3. Garvey Garvey

    Depends on the space heater, of course, but many are 1500 watts of either all on or all off. That’s like having a hair dryer running all the time. In each room.

    Your non-insulated floor is certainly a culprit, but your electric furnace prolly isn’t doing you any favors, either.

  4. Elis Elis

    My well insulated 1800 sq. ft. house is heated with natural gas, which (in my area) costs a third of electrical heating and I pay roughly $180 a month when temperature outside is consistently around freezing. Had it been heated with electricity only, it would cost $500 (about 10 cents per KWh here.) Although a lot of variables are at play, I hope this provides a point of reference. It’s unlikely your bill is wrong ๐Ÿ™

  5. Lee Lee

    You’ve been to my house. Seen what I’ve done. Would you like a spreadsheet of my energy usage? My home is completely electric and I’ve never consumed that much electricity! It is odd that your upper floor has a gas furnace while the lower floor has electric. I’m assuming you have two air handlers then? I’m sure the floors are your culprit. One thing is missing though, you’re only looking at this from one side of the window. If this is the way it is in the winter, which is mild in NOLA – what about the summer? Things might be worse! I would still go with the rigid foam board with spray foam in the cracks! You definitely need a solution – as to what I can only offer my 2 cents!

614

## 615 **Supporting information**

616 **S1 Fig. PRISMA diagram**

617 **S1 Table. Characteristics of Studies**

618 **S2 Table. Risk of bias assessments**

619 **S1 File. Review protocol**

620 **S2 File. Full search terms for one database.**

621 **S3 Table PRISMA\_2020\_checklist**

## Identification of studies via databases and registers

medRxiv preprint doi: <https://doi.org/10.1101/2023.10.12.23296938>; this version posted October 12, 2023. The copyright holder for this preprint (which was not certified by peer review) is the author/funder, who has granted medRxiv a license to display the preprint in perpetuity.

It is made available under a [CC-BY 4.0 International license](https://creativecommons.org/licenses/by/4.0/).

6. Elis Elis

    Lee above made me think of something. If you two are served by the same electric utility, you might want to compare the cost of winter electricity between you for the second and third tier of KWh.

    Many utilities have something called riders, which adjust the cost of utility up or down depending on many factors. Some riders are adjusted down for homeowners who use the utility for necessary purposes, such as winter heating. Which riders are used to bill you are decided when the first owner or builder of the house applied for utility service, so if the house had gas furnace back then and you switched to electric, you might want to call your electric utility to see if they can reclassify you, this can be true for water heaters also. If your utility does use this form of billing, anything above the first tier might have slight reduction, a fraction of 1 cent per KWh, but for 6000 KWh, this could be $50 difference.

  7. We should talk- our geo-thermal system did fine and I think our power bill is coming in at $300+ (and that’s with the cottage).

    Our HVAC came out to be $3,000 more than the standard unit, but have already saved that much in the last year.

    Solar is our next step and the payments are less than $200/month. That is for 20KWH. Why pay Entergy?

  8. amy amy

    Bart, my Daddy taught me to put visquine or foam panels around my house between the pillars to block the cold air from passing under the house. It is surprisingly effective.

  9. […] mentioned last January that we got stuck with a big ($500) utility bill after a cold snap. There was no question in my […]